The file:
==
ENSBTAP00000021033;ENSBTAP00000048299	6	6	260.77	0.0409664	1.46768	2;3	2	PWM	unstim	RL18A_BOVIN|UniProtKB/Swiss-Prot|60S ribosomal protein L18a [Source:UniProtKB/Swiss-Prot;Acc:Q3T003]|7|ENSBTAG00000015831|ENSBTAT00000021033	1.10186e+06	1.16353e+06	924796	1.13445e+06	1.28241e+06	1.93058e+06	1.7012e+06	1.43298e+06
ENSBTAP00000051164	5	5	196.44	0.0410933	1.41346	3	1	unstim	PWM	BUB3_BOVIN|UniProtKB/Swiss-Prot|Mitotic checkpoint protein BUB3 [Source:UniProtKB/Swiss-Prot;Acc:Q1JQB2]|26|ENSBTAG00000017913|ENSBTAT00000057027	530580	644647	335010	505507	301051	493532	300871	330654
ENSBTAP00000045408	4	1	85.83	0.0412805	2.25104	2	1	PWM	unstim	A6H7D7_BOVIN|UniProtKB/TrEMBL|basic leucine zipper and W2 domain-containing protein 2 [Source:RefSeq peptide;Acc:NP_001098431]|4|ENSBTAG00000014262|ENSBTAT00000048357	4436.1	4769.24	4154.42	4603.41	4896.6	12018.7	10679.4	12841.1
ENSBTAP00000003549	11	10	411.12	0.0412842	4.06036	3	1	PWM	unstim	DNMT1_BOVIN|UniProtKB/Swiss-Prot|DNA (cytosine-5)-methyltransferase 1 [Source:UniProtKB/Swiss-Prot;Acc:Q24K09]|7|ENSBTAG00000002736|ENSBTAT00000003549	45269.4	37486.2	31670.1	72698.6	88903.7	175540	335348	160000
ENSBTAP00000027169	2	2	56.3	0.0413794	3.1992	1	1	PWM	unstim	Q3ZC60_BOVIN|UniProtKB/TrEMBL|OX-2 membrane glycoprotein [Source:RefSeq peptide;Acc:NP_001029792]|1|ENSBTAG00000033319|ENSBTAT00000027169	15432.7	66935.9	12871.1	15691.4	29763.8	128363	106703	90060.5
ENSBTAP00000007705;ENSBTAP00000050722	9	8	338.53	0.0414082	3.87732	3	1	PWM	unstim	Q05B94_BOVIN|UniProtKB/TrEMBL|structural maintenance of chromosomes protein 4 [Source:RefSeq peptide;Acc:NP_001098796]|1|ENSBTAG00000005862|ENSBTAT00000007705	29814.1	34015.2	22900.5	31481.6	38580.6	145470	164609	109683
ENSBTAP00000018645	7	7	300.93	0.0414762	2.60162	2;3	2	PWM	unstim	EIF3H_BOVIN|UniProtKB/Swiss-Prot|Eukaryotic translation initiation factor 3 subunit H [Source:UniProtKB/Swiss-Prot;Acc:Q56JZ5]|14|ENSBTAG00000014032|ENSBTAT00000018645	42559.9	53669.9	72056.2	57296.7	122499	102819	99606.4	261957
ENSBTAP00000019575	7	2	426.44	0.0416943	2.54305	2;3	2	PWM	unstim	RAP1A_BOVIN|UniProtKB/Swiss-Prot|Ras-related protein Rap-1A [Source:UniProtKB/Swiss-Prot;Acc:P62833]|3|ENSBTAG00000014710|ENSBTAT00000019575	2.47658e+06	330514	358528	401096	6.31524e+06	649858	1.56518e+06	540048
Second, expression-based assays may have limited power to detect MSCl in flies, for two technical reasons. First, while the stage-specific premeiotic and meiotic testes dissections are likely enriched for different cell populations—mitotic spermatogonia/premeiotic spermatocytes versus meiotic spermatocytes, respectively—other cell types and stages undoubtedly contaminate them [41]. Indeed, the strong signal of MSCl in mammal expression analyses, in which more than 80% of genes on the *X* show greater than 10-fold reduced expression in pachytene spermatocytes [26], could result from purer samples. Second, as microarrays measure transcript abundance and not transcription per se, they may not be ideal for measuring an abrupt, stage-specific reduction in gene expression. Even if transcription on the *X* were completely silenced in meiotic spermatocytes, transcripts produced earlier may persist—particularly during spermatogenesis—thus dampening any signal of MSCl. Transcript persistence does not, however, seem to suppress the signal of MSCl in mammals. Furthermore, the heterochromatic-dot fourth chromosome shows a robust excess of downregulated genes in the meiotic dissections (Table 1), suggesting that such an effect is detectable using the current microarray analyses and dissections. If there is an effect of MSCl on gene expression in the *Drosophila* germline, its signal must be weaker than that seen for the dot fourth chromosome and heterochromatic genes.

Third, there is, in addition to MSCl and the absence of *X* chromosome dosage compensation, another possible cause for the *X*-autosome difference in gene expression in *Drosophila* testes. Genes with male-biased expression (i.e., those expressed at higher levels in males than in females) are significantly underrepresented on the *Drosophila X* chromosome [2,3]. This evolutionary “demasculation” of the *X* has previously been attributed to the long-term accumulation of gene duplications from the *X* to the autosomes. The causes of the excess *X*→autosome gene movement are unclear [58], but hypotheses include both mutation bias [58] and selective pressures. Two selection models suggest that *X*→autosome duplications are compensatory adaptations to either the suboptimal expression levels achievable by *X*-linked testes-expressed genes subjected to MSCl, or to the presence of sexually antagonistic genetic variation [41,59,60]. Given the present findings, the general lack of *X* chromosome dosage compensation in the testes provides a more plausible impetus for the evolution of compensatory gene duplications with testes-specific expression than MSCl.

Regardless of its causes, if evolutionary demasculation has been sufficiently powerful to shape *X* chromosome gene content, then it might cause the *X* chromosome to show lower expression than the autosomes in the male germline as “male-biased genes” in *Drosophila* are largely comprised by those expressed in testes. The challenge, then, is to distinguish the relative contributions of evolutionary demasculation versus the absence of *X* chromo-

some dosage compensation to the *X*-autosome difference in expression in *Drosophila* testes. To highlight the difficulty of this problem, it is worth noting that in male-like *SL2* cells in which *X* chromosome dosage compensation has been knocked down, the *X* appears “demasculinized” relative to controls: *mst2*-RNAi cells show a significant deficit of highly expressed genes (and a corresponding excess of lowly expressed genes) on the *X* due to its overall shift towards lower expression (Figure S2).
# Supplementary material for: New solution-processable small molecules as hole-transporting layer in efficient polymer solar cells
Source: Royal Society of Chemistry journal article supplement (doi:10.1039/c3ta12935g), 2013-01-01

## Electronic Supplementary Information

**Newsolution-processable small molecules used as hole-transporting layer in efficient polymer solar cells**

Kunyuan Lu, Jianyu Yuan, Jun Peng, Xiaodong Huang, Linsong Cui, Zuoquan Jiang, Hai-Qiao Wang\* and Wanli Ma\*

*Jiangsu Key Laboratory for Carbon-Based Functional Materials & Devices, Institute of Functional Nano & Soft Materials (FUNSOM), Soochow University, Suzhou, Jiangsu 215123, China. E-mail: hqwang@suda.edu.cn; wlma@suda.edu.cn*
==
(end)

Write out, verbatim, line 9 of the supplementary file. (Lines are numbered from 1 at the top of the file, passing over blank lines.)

Second, expression-based assays may have limited power to detect MSCl in flies, for two technical reasons. First, while the stage-specific premeiotic and meiotic testes dissections are likely enriched for different cell populations—mitotic spermatogonia/premeiotic spermatocytes versus meiotic spermatocytes, respectively—other cell types and stages undoubtedly contaminate them [41]. Indeed, the strong signal of MSCl in mammal expression analyses, in which more than 80% of genes on the *X* show greater than 10-fold reduced expression in pachytene spermatocytes [26], could result from purer samples. Second, as microarrays measure transcript abundance and not transcription per se, they may not be ideal for measuring an abrupt, stage-specific reduction in gene expression. Even if transcription on the *X* were completely silenced in meiotic spermatocytes, transcripts produced earlier may persist—particularly during spermatogenesis—thus dampening any signal of MSCl. Transcript persistence does not, however, seem to suppress the signal of MSCl in mammals. Furthermore, the heterochromatic-dot fourth chromosome shows a robust excess of downregulated genes in the meiotic dissections (Table 1), suggesting that such an effect is detectable using the current microarray analyses and dissections. If there is an effect of MSCl on gene expression in the *Drosophila* germline, its signal must be weaker than that seen for the dot fourth chromosome and heterochromatic genes.